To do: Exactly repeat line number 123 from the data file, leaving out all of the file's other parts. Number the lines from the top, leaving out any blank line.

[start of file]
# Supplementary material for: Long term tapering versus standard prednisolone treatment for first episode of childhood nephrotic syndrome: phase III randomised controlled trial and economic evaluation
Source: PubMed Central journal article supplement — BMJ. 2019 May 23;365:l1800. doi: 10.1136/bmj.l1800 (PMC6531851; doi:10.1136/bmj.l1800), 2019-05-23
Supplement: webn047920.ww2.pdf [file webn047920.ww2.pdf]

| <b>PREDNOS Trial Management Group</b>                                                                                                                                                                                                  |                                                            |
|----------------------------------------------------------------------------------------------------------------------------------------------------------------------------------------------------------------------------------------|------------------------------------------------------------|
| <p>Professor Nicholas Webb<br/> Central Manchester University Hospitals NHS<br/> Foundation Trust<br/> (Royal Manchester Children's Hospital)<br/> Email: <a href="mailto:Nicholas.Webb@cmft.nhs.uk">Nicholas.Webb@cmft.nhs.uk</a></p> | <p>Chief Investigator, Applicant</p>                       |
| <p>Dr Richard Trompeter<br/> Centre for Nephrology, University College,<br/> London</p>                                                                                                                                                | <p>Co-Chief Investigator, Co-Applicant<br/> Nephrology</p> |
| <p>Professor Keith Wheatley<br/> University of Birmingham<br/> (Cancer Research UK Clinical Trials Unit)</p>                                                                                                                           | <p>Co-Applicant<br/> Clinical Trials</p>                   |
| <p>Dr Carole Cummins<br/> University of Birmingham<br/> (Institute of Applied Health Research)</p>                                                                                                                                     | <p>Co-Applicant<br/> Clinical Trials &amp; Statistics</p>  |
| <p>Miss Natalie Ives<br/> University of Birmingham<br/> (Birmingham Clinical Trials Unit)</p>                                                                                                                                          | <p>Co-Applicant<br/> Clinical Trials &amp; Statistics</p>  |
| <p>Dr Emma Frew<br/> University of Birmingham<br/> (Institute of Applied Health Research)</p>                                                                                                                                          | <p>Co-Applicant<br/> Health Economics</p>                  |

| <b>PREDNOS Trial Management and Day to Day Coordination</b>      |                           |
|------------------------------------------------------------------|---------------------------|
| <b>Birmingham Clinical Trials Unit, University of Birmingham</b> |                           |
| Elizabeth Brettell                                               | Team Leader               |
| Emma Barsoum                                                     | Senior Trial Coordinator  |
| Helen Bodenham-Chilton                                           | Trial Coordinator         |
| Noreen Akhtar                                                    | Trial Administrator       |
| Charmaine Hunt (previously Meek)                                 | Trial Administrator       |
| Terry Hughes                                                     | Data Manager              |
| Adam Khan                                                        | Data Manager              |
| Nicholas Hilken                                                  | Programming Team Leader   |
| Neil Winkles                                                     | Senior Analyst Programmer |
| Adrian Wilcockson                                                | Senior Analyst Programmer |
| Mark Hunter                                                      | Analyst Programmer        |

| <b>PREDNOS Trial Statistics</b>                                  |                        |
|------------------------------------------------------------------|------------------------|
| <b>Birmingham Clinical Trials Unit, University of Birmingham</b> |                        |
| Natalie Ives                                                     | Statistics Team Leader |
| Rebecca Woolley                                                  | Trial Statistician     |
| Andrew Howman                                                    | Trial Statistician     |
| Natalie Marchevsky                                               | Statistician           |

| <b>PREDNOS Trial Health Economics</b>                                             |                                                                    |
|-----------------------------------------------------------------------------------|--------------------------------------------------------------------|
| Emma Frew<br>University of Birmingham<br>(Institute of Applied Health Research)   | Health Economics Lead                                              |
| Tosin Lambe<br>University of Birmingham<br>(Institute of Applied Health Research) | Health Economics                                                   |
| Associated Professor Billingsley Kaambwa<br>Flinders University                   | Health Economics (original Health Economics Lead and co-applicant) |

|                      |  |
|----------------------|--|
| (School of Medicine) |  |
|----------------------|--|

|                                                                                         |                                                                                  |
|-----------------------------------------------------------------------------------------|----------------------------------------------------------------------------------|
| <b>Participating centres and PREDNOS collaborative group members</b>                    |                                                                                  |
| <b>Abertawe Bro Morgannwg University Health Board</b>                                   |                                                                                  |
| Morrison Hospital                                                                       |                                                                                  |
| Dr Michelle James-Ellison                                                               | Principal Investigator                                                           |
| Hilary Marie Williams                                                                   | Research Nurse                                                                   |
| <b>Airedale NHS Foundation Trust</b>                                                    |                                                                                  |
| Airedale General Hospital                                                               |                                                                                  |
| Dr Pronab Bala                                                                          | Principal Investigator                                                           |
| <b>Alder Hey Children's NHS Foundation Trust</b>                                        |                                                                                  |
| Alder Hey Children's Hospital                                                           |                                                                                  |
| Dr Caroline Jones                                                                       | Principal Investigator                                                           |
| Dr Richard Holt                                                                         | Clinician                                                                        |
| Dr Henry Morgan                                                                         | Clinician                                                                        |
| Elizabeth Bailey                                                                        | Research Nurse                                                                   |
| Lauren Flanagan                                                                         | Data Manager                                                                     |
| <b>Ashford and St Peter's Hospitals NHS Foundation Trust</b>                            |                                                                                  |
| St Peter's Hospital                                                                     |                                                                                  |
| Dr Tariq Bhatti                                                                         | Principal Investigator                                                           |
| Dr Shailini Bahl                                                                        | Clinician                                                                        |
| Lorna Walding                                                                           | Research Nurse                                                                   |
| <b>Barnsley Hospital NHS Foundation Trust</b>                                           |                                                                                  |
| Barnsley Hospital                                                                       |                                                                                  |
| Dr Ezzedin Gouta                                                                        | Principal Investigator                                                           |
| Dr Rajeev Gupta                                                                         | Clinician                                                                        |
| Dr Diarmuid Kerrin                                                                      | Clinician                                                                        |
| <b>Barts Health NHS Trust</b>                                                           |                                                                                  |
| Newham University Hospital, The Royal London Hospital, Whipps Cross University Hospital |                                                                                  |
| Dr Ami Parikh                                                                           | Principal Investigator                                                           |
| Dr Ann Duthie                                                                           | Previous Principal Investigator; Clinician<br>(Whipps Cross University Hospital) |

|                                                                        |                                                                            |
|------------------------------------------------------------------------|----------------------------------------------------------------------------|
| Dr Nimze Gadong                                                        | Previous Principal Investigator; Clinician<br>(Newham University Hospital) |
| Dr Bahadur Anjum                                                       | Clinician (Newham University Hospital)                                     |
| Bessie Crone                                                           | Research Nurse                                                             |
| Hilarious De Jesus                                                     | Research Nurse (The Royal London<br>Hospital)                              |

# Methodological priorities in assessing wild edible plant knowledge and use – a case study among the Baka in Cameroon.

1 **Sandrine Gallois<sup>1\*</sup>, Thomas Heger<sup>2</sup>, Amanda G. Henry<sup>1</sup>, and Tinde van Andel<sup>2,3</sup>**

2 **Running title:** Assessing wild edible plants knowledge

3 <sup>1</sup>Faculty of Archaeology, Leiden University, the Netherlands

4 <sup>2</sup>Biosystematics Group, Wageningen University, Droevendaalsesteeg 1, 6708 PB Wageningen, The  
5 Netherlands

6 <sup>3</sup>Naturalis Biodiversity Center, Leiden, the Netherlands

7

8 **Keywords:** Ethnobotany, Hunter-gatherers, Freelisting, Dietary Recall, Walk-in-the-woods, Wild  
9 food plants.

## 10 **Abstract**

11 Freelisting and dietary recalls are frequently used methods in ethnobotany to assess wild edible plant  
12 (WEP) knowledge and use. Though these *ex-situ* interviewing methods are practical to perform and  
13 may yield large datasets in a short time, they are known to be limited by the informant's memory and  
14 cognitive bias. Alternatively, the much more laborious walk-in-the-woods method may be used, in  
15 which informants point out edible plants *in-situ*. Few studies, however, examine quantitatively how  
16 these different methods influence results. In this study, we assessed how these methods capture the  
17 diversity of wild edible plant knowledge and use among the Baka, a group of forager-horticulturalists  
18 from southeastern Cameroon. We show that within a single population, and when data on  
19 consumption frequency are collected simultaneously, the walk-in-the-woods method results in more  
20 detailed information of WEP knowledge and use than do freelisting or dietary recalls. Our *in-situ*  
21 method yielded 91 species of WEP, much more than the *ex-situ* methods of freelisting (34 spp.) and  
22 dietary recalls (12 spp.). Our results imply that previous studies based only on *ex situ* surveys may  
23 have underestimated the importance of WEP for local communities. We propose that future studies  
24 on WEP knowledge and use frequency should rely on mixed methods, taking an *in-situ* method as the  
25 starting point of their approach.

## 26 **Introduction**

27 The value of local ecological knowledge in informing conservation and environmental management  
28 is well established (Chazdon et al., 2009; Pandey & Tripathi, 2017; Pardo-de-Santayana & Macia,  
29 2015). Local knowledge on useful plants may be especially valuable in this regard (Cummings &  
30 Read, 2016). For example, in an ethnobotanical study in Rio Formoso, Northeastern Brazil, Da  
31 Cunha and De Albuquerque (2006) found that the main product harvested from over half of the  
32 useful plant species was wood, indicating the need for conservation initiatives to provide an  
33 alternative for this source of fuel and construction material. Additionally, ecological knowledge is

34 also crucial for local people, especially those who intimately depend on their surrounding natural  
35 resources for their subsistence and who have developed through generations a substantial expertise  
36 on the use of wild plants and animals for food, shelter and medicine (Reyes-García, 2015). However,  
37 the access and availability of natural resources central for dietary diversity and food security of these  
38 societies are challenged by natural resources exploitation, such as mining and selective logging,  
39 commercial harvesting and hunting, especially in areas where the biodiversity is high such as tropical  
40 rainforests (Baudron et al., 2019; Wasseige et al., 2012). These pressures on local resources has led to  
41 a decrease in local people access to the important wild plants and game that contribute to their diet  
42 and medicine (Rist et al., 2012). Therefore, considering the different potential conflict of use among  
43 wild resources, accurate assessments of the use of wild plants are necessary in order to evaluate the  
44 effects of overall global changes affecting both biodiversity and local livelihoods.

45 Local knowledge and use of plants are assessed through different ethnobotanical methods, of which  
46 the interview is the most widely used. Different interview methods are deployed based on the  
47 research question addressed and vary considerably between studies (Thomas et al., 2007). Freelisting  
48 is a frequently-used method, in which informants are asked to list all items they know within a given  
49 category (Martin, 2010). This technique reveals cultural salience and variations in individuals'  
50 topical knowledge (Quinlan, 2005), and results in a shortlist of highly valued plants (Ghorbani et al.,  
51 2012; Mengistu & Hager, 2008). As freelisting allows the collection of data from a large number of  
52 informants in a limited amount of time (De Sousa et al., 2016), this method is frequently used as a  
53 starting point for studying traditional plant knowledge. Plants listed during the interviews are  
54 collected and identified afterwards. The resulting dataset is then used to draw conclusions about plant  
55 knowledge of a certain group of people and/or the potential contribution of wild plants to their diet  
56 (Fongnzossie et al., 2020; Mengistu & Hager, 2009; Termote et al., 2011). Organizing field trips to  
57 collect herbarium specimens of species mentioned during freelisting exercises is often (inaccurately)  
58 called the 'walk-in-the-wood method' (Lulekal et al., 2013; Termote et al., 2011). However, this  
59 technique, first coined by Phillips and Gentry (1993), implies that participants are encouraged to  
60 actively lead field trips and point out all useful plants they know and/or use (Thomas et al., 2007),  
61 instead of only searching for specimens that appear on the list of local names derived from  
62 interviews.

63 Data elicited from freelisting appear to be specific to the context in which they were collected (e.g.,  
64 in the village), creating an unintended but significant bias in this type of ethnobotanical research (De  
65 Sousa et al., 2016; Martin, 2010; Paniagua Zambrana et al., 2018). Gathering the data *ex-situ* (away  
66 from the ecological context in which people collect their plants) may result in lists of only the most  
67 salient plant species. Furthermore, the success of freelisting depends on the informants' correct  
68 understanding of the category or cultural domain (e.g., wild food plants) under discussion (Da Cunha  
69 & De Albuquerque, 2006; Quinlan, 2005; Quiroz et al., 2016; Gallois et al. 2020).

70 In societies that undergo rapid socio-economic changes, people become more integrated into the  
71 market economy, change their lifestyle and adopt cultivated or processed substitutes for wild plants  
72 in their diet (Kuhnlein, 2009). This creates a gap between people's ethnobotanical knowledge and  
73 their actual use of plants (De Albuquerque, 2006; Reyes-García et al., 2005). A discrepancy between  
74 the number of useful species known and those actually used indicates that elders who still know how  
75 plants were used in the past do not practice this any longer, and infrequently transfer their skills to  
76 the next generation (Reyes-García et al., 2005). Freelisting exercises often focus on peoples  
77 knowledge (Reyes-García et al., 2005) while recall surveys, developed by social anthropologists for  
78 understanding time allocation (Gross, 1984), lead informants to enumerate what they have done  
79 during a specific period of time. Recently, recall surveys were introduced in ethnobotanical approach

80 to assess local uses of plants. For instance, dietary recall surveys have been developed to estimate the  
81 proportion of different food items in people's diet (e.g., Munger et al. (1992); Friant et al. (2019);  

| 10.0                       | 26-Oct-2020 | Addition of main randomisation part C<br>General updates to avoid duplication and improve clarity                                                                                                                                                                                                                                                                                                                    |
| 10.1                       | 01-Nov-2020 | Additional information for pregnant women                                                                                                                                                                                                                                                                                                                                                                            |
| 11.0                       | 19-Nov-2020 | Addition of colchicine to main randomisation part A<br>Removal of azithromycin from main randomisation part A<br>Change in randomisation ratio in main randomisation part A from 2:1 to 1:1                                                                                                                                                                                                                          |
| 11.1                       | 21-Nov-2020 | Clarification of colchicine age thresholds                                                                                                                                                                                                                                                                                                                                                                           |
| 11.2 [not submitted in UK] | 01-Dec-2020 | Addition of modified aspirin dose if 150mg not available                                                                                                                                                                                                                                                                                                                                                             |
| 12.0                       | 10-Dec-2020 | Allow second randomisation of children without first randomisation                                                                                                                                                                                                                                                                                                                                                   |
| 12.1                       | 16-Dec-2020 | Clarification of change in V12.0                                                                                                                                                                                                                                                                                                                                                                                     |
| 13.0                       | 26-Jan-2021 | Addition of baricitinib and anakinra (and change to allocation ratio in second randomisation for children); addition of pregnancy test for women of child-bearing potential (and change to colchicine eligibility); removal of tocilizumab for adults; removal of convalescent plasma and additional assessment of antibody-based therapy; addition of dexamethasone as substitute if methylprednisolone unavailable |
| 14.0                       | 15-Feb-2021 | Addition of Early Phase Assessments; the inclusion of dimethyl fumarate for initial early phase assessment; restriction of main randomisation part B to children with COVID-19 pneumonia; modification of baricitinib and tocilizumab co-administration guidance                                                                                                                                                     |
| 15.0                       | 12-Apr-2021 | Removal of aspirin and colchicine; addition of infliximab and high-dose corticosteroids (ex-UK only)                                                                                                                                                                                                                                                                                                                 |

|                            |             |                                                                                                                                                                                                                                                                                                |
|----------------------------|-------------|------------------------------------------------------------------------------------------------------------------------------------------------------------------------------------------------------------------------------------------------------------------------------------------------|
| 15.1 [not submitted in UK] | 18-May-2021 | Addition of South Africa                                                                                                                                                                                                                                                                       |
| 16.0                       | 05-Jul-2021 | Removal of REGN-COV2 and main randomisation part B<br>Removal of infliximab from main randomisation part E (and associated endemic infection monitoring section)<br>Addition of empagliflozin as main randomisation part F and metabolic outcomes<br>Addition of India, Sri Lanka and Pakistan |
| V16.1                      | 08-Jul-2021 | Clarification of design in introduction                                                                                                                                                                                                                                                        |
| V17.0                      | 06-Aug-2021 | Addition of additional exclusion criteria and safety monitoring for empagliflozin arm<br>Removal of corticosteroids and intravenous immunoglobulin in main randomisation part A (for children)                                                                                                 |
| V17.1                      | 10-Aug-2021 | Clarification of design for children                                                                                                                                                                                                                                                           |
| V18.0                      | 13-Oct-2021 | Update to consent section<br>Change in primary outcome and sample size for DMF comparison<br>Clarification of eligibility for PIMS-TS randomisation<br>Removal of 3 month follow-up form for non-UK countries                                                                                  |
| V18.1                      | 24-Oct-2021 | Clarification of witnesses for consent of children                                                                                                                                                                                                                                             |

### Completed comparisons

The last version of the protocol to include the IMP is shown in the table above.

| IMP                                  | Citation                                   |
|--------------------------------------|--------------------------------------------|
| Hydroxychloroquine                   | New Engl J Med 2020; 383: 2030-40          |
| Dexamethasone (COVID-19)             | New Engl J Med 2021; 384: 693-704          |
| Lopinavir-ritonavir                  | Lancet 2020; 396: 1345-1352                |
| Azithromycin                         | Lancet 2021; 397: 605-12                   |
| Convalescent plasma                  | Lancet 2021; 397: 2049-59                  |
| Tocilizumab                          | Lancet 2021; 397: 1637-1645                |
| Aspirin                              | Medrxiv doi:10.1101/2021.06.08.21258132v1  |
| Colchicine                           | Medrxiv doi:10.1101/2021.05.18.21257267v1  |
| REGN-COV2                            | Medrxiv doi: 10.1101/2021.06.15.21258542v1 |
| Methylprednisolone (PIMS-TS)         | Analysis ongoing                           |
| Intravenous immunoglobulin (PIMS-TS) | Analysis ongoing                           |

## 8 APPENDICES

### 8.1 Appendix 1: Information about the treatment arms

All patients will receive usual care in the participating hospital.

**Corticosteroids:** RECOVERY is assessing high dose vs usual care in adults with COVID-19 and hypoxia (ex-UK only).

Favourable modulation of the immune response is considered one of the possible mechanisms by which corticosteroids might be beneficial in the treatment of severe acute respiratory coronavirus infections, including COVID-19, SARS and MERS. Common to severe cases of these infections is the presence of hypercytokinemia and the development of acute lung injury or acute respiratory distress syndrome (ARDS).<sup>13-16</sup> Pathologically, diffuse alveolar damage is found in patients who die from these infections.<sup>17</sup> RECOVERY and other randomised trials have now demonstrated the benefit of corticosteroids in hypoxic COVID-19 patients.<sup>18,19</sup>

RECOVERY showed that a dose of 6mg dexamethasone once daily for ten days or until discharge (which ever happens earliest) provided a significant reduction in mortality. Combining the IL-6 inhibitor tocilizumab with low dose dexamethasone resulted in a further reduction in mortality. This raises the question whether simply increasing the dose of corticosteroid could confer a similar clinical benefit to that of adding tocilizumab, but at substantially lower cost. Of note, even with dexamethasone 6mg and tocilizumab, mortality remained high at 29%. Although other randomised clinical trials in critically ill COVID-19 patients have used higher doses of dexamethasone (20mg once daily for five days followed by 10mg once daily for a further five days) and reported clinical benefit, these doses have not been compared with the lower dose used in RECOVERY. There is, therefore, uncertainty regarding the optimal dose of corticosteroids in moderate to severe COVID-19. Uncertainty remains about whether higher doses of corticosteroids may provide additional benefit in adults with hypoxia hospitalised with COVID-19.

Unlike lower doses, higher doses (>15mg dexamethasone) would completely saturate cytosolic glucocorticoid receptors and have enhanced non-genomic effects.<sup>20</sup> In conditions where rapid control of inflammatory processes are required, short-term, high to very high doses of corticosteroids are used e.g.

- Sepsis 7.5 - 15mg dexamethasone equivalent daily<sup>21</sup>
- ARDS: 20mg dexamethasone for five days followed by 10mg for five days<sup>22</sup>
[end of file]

44 effects of overall global changes affecting both biodiversity and local livelihoods.